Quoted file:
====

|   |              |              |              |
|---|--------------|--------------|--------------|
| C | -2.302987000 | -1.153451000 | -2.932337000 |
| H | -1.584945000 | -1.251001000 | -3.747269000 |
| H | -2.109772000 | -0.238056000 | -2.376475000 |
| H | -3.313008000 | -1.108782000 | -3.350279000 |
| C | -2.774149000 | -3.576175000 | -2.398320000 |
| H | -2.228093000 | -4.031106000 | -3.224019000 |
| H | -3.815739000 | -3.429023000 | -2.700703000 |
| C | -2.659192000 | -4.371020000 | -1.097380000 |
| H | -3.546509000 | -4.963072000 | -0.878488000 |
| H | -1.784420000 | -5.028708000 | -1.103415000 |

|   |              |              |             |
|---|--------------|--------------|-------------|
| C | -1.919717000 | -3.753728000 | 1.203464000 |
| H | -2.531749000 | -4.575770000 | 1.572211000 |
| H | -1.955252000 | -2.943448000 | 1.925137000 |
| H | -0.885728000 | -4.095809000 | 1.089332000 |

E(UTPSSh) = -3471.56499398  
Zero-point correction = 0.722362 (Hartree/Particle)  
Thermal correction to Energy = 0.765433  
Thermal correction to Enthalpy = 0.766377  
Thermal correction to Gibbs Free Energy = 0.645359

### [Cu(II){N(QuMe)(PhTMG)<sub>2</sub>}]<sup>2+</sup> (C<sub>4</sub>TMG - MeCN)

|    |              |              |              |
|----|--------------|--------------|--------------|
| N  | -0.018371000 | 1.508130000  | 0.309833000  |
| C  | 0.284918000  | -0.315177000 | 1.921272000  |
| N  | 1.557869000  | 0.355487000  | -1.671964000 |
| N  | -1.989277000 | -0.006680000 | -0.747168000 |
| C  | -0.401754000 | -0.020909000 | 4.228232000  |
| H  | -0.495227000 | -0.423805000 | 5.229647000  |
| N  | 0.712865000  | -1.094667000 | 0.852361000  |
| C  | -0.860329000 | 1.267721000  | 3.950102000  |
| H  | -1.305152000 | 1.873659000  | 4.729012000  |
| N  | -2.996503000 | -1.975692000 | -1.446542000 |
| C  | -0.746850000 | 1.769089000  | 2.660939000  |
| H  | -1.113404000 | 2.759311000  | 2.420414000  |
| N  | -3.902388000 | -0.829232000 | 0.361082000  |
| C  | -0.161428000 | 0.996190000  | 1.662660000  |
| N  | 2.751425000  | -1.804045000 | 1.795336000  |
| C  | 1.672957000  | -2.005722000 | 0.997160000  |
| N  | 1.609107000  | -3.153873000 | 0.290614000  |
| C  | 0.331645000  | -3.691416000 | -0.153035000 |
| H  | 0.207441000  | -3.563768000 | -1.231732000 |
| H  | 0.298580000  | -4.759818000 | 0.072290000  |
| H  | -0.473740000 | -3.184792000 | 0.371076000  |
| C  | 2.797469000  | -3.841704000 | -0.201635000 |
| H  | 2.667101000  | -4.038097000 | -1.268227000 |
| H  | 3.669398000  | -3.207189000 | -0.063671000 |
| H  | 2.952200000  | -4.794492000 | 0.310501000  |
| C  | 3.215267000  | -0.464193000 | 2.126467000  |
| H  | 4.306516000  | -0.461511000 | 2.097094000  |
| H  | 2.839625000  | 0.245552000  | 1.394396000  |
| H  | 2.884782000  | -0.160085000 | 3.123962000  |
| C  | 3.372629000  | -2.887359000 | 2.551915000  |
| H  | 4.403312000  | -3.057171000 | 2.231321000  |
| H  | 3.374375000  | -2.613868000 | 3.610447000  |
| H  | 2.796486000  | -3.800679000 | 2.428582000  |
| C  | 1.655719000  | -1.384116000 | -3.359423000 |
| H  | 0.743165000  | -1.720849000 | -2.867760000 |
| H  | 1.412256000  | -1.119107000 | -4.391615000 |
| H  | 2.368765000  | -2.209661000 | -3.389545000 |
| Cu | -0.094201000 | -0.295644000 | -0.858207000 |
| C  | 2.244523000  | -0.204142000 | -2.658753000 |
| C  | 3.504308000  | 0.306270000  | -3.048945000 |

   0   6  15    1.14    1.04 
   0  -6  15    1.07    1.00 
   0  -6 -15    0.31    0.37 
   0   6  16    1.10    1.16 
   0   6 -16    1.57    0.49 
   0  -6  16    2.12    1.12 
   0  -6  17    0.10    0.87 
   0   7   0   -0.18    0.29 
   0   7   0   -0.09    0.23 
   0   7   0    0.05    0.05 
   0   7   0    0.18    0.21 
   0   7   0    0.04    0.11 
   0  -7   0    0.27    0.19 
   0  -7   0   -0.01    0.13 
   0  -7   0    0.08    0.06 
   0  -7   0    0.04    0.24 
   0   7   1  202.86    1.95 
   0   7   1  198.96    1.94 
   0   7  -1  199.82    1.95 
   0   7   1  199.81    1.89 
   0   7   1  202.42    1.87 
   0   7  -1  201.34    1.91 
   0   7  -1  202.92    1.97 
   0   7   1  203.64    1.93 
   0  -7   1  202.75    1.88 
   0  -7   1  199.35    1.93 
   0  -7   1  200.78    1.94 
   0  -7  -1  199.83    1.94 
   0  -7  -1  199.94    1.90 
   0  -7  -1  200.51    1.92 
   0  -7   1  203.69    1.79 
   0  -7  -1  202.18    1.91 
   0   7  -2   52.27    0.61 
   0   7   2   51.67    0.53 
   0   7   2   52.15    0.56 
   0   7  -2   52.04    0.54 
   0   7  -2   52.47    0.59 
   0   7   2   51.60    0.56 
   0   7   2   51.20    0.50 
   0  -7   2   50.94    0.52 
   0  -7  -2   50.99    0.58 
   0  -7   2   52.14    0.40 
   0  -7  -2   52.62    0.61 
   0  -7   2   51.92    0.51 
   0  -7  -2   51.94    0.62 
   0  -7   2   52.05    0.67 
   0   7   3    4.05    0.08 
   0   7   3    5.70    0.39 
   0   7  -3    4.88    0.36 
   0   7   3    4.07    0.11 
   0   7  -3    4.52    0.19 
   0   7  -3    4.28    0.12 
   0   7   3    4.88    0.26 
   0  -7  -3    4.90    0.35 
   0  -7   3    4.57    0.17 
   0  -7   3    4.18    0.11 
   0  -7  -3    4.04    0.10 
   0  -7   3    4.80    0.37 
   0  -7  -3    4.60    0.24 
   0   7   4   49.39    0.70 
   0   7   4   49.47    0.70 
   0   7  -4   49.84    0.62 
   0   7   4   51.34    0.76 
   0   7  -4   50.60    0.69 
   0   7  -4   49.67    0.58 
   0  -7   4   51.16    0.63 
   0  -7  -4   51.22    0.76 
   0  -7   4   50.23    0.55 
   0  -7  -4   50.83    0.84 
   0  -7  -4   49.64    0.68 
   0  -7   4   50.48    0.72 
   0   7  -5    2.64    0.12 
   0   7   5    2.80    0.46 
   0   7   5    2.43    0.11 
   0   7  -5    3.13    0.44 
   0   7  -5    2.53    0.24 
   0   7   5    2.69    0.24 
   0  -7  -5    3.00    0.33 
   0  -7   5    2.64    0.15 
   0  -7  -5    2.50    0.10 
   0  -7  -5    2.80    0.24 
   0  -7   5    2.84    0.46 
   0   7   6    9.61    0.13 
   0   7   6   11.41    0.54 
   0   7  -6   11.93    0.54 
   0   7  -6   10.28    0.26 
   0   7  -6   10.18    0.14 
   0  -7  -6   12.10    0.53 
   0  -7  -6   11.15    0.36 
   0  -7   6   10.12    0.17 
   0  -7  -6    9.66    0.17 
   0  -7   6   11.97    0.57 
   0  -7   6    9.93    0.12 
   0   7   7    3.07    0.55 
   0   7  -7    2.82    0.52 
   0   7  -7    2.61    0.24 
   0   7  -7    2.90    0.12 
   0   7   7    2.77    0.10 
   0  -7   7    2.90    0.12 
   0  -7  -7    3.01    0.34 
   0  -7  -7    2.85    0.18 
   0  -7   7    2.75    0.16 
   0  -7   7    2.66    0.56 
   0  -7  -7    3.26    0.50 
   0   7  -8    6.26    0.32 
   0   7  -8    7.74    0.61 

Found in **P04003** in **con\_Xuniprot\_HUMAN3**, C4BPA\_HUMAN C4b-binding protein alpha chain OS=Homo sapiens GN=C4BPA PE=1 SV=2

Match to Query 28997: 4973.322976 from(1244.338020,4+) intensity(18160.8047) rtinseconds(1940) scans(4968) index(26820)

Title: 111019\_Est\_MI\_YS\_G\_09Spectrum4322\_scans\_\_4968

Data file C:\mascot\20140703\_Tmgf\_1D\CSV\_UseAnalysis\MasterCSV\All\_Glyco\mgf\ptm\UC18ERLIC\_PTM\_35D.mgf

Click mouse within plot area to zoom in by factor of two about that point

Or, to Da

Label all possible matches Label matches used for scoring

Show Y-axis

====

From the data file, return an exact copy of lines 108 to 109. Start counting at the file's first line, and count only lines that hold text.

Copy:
   0  -7   2   52.14    0.40 
   0  -7  -2   52.62    0.61 